“What evidence is there that’s she a juggernaut? That she barely beat Steve Cooley?” said another, referring to her 2010 election rival. Her 2014 re-election can be dismissed as a walk-over: nobody even remembers who ran against her (hint: the Hobbit, Ron Gold). Moreover, this consultant said, not only is California “overdue to elect a Latino, but “nobody seems to have noticed that there are five million registered voters in L.A. County and 2.5 in the Bay Area.”

L.A. bravado, however, has to be tempered by actual voting history, as our old friend Cathy Decker of the ByGod LA Times explained so well Sunday: Angelenos, especially LA Latinos, have pathetic voter turnout compared to their counterparts in the Bay Area. Whether Tony V could capture the big bloc of L.A. voters (especially if Hillary Clinton is on the ballot for president, drawing women to the polls) is problematic at best.

cranstonBeen a Long Time Coming One thing that renders the Senate race uncertain is that the last time California had an open seat was 23 years ago, when Dianne Feinstein beat Gray Davis in the Democratic primary for the final two years of Senator-cum-Governor Pete Wilson’s seat, and then buried political pygmy John “Sell Your Boat” Seymour, while Barbara Boxer beat Democrats Mel Levine and Leo McCarthy for the open six-year seat that the late Alan Cranston had held.

Californians have not seriously considered what they want from a U.S. Senator in more than two decades, during which the political landscape, especially in terms of gender and race, has shifted substantially. By and large, the dominant Democrats are very comfortable with women, Latinos, blacks, Jews, you name it, in high office. But what kind of senator they want when given an open choice – a deal-maker, a spokesperson, a statesman (or -woman) — is unclear.

Will it matter, for example, that Senators Elizabeth Warren, Kirsten Gillibrand and Cory Booker have endorsed Harris? Will her checkered record as District Attorney in San Francisco mean anything in a Senate race? Would Steyer look like an engaged, Cincinnatus-style citizen, or the hedge-fund spawn of Al Checchi and Meg Whitman? Would voters – especially women – care that while Tony V’s wife Cornia was undergoing treatment for thyroid cancer, he had an affair with a friend’s wife?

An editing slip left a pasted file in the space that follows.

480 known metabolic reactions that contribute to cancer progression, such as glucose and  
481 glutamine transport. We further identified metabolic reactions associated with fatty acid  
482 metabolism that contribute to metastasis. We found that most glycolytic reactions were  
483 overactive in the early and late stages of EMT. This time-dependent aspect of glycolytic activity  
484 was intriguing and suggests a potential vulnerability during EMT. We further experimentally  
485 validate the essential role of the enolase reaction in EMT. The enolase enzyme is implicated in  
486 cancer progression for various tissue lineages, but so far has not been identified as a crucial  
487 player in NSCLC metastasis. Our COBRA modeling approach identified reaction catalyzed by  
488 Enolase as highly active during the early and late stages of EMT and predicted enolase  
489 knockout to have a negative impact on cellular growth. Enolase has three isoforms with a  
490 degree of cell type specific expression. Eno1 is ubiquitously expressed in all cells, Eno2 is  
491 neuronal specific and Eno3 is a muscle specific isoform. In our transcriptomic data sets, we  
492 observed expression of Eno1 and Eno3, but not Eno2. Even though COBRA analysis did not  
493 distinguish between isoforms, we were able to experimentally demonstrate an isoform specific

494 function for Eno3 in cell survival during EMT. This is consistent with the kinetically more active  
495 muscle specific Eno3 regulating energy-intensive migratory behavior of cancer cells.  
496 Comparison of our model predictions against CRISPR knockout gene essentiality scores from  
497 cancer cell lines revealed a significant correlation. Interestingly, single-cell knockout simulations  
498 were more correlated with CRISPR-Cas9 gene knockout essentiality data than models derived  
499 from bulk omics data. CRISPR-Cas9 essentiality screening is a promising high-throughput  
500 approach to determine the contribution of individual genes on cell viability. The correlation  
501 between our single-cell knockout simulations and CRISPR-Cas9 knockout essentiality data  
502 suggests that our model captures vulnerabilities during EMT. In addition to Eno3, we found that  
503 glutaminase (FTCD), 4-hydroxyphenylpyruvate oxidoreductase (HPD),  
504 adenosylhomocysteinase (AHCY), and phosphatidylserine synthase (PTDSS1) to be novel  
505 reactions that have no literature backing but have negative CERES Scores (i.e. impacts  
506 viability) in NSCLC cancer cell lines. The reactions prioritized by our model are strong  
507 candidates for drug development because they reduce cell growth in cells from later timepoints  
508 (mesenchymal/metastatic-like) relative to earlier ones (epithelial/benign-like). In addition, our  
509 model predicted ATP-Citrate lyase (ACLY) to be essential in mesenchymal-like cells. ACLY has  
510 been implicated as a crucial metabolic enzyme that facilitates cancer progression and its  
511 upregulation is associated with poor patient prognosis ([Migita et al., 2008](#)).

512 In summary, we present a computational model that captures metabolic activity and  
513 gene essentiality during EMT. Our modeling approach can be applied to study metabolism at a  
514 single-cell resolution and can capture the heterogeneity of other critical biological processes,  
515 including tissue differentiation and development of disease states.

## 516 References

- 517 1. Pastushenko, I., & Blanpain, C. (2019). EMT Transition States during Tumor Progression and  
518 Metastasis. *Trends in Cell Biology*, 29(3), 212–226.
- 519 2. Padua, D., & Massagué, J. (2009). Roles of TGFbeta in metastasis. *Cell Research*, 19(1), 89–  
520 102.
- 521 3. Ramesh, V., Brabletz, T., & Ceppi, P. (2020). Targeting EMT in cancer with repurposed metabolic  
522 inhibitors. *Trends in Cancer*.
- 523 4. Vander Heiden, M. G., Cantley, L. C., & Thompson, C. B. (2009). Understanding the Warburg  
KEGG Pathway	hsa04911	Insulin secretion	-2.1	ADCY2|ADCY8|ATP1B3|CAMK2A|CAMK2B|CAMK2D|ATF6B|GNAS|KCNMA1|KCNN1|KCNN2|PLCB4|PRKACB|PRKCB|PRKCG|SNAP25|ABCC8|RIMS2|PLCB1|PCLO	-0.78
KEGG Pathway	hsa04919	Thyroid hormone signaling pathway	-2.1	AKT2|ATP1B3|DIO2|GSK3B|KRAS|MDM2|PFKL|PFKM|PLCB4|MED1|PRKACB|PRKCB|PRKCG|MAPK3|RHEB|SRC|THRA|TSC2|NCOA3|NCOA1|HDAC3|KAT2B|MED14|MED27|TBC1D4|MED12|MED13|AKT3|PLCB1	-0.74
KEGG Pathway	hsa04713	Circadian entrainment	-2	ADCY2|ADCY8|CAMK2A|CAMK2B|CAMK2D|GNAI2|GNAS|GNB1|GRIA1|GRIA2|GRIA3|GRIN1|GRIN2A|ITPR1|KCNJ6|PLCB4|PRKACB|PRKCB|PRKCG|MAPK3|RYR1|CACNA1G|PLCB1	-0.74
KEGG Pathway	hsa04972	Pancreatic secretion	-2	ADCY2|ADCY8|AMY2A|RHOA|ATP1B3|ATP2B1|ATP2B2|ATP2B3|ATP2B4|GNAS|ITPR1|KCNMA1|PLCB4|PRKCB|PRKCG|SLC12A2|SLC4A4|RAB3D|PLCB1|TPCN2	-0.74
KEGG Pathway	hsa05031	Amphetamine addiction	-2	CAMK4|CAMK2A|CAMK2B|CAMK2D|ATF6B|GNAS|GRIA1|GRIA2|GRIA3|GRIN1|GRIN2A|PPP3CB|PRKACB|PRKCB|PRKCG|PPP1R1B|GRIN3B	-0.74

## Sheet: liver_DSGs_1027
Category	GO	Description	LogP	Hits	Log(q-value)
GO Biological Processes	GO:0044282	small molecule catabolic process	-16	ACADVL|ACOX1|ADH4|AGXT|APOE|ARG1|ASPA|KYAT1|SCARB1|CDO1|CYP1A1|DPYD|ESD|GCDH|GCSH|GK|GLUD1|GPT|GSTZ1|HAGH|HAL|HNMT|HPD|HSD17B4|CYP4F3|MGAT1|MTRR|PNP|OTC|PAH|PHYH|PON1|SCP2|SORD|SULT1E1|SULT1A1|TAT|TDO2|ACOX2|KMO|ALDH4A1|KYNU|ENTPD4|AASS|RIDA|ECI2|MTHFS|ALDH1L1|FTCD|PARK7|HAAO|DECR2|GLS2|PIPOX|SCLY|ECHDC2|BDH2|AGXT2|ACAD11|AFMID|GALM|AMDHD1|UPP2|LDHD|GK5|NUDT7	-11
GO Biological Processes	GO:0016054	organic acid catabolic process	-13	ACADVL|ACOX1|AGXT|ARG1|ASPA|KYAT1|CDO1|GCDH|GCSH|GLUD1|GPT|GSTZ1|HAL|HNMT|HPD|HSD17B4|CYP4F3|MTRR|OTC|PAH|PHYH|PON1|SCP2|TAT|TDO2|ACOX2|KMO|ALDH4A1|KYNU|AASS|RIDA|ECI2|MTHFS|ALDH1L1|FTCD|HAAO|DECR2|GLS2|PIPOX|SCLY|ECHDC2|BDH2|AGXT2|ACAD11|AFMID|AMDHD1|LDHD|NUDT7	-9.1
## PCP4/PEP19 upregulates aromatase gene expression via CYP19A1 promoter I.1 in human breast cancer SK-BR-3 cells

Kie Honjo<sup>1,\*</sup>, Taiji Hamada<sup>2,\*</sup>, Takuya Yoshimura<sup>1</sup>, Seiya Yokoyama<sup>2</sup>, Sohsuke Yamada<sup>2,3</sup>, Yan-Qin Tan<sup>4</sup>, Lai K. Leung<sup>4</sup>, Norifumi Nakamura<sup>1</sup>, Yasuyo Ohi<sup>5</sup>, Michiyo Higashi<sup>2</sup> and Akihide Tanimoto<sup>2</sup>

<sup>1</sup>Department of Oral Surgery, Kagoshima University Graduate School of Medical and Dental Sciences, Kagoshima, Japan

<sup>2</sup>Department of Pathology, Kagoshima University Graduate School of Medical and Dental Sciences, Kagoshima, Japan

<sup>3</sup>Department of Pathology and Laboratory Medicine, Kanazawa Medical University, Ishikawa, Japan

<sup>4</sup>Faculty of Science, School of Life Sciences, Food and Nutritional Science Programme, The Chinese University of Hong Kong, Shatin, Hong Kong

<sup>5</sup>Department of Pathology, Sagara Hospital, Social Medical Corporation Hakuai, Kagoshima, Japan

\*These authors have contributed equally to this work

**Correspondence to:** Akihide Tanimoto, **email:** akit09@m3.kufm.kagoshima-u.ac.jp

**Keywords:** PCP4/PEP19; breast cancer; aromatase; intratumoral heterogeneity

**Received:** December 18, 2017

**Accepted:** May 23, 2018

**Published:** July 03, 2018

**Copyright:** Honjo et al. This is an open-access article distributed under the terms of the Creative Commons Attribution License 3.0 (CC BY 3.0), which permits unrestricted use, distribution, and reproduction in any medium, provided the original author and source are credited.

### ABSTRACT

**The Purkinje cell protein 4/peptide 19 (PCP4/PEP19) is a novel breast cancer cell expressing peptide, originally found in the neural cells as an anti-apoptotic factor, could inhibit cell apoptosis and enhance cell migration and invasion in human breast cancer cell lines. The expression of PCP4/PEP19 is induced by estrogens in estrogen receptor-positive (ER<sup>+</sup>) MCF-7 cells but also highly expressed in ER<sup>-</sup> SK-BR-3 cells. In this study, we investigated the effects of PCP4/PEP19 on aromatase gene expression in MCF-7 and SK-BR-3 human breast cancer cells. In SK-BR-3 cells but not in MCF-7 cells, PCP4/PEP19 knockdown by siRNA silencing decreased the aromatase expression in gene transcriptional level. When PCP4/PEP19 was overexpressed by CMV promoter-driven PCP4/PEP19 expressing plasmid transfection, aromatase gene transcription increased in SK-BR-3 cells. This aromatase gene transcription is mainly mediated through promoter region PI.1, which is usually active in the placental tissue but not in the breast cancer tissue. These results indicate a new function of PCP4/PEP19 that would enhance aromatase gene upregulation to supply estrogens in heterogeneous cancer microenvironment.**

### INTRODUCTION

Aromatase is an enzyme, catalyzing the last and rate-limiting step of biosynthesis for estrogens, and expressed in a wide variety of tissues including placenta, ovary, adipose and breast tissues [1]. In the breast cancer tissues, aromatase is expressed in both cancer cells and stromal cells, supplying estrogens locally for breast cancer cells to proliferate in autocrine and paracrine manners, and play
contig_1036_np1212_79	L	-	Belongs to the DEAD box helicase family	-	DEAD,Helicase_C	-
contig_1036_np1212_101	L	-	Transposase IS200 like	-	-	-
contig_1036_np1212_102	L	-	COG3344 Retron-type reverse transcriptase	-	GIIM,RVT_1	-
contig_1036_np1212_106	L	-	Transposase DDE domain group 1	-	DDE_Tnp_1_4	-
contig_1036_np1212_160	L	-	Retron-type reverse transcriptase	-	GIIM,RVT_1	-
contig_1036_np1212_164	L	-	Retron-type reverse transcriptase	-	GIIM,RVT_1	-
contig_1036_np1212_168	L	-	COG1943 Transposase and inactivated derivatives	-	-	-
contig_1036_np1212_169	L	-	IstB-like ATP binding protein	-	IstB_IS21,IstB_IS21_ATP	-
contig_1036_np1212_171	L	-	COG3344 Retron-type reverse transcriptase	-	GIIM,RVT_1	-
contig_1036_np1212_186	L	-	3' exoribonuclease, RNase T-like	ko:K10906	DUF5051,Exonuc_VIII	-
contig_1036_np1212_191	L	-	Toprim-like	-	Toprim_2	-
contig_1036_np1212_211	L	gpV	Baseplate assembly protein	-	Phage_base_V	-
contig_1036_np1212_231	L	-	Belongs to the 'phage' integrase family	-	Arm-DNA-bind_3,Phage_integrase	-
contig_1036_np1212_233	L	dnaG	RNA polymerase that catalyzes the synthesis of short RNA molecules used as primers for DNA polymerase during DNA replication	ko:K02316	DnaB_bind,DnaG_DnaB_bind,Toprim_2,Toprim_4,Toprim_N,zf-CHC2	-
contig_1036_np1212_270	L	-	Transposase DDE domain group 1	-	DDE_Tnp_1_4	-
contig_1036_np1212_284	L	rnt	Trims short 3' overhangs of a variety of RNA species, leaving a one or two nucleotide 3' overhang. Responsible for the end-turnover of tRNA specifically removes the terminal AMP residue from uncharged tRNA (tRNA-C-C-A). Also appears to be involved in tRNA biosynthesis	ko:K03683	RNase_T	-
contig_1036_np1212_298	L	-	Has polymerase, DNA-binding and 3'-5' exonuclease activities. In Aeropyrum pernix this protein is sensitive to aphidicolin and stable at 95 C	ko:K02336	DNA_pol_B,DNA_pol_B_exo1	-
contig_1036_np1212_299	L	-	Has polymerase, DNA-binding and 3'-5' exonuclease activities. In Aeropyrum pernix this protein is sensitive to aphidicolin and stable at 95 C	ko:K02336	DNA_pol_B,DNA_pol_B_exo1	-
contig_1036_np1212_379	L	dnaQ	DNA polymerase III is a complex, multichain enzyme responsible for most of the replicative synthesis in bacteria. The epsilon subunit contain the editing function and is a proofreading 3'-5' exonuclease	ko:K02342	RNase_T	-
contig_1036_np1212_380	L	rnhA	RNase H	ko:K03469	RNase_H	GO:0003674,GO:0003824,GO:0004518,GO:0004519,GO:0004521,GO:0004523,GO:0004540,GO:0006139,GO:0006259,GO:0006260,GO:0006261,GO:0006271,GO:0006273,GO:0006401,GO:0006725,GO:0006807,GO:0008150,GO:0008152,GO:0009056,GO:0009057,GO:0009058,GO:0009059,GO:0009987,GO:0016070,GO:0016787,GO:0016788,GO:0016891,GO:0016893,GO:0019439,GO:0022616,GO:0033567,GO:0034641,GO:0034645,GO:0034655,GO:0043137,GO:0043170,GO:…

And that’s just a few of the iceberg tips out there. None of these public figures have been scrutinized, op-researched, dissected and pummeled at the level that applies to a U.S. Senate (or governor’s) race. With all the talented and ruthless consultants who will be working the Senate race – many of them FOCs (Friends of Calbuzz) – this will not be a dinner party.

diannecyclops2DiFi Hates Unpleasantness Speaking of dinner parties, one pol who found running in a statewide election with serious opposition incredibly distressing and distasteful is U.S. Sen. Dianne Feinstein, who was so traumatized by Republican U.S. Rep. Michael Huffington’s 1994 expensive and nasty campaign against her, she has shied away from hand-to-hand combat ever since, opting out of running for governor twice, when she would have been the favorite, albeit in fiercely competitive fields.

Most folks in the political world are betting that when Feinstein’s seat comes up again in 2018 – at which time she’ll be 85 – the very senior Senator will choose not to run again, and some politicos are already plotting ahead to 2018 as an opportunity for an open Senate seat.

We don’t buy the certainty of her retirement. After all what would DiFi do all day if she weren’t in the Senate, where she’s earnestly devoted to the complexities of huge issues — and commands a queen’s court worth of policy minions, political retainers and personal purse holders?  As long as her health remains good – bum knee aside — we’ll take those long odds and bet on DiFi plugging along in pursuit of Strom Thurmond’s centenary record as the oldest-serving Senator, knowing she’d have no serious (i.e. nasty, well-funded) opposition in California.